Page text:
Celebrated African American Roles

Celebrated African American Roles
From Hattie McDaniel's portrayal of "Mammy" to Denzel Washington's win for "Training Day", the history of African American actors in Oscar history is fascinating. As a result, the following films are just a few notables that are significant to the African American culture and films.

1. "Gone With The Wind" (1939) Actress Hattie McDaniel won for her portrayal as "Mamie" - Scarlett O'Hara's tough but loveable servant. In her humble acceptance speech, McDaniel was quoted, "I sincerely hope I shall always be a credit to my race and to the motion picture industry. Although her win was a giant step forward, McDaniel's night at the Oscars must have felt like the industry was taking two steps backward when after she won, the actress was seated at a segregated table, apart from the rest of her colleagues. Her role as "Mamie" and the fact that most of her career was playing a servant, has been examined in the evolution of African Americans and the limited roles they were offered at one time. Since her win, three actresses have won the statuette including Whoopi Goldberg, Jennifer Hudson and Mo'Nique. Most recently, when actress/comedian Mo'Nique won for her role in "Precious" (2009) she wore gardenias in honor of McDaniel.

2. "Lillies of the Field" (1963). After being nominated for his role in "The Defiant Ones" (1958), Sydney Poitier was the first African American actor to win the Oscar for Best Actor for "Lillies of the Field" (1963). In this film, Poitier portrayed Homer Smith, a handyman who builds a chapel for a group of East German nuns. Although his career has been criticized for being typecast in roles that have been called "faultless" and "sexless" in order to satisfy audiences. It was not until 39 years later, that Denzel Washington was the second African American actor to take him the Oscar for his role in "Training Day" (2001). Washington portrayed "Alonzo", a corrupt cop, which fortunately proved that the diversity of roles given to African American actors improved.

3. "An Officer and a Gentleman" (1982). Louis Gossett Jr's win for "Best Supporting Actor" ended the 19-year gap for African American actors in Oscar history. He was not only the first to win for a supporting role, but also the second African American man to win an Oscar for acting and their African American actor to win overall in the Academy History. Following Gossett, Jr. was Denzel Washington for "Glory" (1989), which was his first Oscar win for a supporting role. As well as one of the more memorable Oscar acceptances, a 29-year old Cuba Gooding Jr. for "Jerry Maguire" (1996). Gooding Jr is also the youngest African American to win an Academy Award.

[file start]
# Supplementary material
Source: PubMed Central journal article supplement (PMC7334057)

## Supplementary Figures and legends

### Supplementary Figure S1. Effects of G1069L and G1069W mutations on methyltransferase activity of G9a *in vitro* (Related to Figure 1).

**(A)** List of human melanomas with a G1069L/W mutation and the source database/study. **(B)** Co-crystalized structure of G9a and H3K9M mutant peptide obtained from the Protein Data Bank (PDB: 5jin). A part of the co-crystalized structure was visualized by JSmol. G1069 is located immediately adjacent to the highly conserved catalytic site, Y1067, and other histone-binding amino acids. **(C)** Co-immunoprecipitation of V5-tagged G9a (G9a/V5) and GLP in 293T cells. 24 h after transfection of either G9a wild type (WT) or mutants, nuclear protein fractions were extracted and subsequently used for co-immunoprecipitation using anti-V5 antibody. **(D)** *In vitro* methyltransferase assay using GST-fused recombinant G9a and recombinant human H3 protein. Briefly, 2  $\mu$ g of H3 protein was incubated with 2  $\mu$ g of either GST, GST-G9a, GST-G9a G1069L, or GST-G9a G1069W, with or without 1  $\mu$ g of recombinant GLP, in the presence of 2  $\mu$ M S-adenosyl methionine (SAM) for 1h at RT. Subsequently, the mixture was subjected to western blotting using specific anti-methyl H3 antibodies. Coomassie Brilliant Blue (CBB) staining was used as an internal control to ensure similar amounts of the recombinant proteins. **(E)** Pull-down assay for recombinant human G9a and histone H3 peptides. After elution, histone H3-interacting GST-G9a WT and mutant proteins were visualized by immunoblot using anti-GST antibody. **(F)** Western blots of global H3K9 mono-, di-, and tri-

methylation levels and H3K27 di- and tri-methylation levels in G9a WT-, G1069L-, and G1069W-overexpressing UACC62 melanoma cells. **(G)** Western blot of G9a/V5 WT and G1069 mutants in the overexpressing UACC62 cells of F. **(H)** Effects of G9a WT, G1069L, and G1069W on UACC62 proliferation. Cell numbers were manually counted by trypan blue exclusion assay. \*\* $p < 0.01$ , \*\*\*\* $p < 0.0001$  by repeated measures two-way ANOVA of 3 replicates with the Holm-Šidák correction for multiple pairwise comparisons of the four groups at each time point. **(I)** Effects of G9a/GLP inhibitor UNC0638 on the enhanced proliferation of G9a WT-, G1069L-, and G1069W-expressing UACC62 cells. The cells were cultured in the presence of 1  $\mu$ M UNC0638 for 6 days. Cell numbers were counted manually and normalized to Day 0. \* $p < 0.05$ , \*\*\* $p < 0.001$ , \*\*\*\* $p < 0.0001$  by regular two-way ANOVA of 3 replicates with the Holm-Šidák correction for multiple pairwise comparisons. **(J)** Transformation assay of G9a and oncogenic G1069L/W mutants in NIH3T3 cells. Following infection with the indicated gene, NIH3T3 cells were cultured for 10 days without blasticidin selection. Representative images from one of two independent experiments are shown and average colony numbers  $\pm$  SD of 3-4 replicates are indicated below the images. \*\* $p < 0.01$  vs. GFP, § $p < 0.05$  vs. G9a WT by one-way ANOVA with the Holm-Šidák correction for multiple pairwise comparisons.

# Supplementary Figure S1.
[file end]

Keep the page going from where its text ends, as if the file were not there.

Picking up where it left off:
4. "Carmen Jones" (1954). Actress/singer Dorothy Dandridge was the first African American woman to be nominated for Best Actress in a Leading Role category. Although she did not win, it was another milestone in the history of the film industry. In the following years, other actresses such as Diana Ross, Cicely Tyson, Whoopi Goldberg and Angela Bassett, would follow her lead. All were justly nominated for their roles, but did not win. Forty-seven years after Dandridge's nomination, Halle Berry was the first to win for her portrayal of "Leticia Msugrove" in "Monster's Ball" (2001).

While it has taken many years for the Academy to recognize African Americans in certain categories such as acting, there still remains one of the biggest categories of all, "Best Director." While a few African Amercians have been nominated for the category, it has yet to be claimed - hopefully in the near future, it will be.

You Should Also Read:
Oscar Win for Hattie McDaniel
Gone With The Wind Premiere

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